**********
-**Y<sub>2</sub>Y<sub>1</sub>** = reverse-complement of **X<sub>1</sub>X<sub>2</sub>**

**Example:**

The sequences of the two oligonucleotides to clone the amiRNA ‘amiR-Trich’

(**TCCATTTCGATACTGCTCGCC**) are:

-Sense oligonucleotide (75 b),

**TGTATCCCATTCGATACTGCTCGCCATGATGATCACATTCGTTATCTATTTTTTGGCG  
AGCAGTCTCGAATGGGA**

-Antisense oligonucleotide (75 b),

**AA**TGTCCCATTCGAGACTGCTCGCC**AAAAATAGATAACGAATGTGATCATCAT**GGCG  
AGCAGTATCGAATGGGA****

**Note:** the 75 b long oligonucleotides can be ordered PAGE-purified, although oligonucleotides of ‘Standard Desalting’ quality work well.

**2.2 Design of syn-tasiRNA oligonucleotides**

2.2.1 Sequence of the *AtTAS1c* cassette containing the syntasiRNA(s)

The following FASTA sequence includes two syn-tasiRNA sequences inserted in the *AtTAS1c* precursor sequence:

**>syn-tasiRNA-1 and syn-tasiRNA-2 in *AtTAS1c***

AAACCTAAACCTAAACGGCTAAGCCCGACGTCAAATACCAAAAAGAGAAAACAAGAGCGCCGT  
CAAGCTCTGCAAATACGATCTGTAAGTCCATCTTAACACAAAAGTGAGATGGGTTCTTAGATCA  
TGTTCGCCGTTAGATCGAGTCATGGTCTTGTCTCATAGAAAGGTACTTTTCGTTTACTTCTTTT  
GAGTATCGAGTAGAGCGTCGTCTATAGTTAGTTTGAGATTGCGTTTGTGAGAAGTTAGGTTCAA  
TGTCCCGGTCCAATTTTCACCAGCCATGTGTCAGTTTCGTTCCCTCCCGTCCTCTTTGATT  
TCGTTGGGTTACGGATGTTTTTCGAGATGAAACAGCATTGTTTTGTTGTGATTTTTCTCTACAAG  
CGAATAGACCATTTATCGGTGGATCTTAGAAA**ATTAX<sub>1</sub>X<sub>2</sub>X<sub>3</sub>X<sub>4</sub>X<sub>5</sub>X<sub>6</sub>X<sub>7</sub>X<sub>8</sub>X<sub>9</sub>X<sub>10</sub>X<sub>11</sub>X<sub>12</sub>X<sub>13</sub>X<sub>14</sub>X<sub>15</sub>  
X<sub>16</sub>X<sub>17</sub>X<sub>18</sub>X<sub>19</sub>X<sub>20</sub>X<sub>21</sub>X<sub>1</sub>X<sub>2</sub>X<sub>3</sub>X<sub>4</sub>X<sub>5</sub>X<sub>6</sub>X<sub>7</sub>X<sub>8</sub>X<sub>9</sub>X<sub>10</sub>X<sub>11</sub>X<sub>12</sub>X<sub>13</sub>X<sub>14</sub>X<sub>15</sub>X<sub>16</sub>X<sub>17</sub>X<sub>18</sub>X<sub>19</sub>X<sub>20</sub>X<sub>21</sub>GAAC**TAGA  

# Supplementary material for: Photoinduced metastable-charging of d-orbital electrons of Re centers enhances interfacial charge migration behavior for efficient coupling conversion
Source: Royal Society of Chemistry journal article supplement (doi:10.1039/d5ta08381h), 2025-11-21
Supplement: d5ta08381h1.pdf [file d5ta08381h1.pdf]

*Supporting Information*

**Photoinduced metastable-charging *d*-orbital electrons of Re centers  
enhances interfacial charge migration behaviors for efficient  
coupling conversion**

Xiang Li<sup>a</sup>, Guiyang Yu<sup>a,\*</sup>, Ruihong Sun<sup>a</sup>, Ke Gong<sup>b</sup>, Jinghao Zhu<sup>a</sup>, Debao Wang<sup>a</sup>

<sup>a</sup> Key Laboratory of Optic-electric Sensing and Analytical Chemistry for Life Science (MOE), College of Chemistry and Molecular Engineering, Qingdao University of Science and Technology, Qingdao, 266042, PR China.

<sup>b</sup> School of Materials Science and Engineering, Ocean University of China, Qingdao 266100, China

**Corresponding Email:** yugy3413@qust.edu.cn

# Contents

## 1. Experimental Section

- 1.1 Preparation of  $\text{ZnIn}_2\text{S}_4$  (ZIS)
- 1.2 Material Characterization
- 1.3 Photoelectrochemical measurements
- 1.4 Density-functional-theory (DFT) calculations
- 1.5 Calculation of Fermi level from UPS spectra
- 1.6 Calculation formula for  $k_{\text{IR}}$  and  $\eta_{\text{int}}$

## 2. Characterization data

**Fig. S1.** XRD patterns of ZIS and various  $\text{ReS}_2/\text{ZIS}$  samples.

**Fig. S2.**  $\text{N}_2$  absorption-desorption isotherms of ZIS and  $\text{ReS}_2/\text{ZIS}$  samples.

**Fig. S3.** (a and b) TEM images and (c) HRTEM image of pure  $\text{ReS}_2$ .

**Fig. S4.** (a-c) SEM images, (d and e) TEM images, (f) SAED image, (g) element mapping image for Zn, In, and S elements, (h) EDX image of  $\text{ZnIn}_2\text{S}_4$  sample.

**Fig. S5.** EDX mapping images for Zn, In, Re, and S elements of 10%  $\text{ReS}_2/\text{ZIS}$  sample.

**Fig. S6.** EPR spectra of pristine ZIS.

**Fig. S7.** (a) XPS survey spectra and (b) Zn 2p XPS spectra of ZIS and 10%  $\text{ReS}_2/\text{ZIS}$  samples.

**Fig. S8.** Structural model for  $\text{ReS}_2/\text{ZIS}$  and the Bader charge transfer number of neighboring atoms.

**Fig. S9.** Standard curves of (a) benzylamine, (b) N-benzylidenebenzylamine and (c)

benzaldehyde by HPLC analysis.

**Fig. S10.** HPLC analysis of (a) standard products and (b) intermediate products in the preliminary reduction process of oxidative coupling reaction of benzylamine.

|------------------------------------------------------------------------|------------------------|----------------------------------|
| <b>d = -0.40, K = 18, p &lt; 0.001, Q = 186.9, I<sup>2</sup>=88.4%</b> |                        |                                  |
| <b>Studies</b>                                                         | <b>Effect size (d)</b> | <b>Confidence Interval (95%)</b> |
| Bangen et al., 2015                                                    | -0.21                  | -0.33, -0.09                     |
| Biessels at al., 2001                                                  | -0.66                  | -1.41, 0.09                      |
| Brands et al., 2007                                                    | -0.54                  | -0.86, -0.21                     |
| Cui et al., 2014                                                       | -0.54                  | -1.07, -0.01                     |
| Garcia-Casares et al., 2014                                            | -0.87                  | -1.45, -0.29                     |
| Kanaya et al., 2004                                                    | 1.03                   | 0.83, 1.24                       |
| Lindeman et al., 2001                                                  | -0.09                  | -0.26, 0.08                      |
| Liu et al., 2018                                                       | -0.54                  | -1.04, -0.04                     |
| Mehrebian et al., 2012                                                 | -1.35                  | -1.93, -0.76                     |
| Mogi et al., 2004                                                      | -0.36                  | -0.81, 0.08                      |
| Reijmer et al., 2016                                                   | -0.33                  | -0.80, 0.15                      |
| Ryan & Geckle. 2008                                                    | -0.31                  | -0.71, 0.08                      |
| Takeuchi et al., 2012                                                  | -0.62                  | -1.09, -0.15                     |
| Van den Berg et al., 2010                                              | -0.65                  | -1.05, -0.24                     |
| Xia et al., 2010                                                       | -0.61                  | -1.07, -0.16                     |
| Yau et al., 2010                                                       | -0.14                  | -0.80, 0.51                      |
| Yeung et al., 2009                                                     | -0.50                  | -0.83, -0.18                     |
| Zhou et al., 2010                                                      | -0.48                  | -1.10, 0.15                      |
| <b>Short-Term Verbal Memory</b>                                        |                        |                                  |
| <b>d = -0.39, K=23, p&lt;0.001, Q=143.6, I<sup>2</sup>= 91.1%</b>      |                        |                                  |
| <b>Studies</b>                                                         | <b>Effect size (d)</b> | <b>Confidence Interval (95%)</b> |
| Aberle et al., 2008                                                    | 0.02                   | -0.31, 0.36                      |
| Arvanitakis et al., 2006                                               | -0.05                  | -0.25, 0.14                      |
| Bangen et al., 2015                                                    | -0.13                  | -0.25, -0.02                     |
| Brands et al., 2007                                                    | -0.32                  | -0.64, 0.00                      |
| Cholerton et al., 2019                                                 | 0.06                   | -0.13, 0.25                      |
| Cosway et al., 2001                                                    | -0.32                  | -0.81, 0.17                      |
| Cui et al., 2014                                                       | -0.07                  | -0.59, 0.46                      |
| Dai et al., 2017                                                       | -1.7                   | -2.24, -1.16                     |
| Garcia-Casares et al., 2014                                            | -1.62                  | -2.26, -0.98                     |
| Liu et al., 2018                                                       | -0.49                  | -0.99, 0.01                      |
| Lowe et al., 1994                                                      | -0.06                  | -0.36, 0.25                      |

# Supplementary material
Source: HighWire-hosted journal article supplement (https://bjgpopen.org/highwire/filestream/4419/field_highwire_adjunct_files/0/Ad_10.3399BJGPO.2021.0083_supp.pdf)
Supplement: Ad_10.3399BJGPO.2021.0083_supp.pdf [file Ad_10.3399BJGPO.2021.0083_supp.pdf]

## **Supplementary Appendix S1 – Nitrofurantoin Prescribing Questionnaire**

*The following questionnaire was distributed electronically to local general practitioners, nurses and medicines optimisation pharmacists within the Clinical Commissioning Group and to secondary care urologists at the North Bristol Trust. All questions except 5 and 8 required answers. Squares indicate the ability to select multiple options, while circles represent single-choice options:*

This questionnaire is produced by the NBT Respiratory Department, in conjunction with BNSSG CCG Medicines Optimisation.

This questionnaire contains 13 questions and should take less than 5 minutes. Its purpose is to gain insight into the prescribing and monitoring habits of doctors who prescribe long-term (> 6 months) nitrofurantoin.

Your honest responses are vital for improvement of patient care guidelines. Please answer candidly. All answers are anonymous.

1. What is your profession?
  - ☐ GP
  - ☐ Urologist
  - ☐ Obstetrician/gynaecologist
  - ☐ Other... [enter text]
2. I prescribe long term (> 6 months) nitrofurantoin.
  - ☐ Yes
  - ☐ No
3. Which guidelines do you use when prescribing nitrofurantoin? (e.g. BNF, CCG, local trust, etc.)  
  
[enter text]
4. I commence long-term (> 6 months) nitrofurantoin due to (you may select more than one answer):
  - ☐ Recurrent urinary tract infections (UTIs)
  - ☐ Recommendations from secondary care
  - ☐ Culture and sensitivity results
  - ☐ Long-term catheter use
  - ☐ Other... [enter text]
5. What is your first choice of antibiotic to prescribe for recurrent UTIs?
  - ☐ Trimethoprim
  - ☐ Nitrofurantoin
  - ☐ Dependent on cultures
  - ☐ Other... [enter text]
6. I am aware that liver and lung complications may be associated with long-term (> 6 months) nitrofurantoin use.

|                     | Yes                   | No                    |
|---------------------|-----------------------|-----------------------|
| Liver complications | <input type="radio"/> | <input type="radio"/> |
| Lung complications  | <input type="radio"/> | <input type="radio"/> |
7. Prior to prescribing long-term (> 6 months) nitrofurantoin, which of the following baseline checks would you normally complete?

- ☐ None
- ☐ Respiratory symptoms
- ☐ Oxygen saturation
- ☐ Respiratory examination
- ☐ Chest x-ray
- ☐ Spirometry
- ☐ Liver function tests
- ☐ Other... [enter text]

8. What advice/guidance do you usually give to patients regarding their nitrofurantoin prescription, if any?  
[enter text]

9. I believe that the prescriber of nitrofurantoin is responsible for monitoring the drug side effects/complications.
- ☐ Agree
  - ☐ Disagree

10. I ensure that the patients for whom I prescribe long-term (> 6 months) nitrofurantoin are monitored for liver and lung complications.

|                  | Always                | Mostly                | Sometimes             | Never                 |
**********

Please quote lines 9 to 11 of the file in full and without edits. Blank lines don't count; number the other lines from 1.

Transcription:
**AA**TGTCCCATTCGAGACTGCTCGCC**AAAAATAGATAACGAATGTGATCATCAT**GGCG  
AGCAGTATCGAATGGGA****

**Note:** the 75 b long oligonucleotides can be ordered PAGE-purified, although oligonucleotides of ‘Standard Desalting’ quality work well.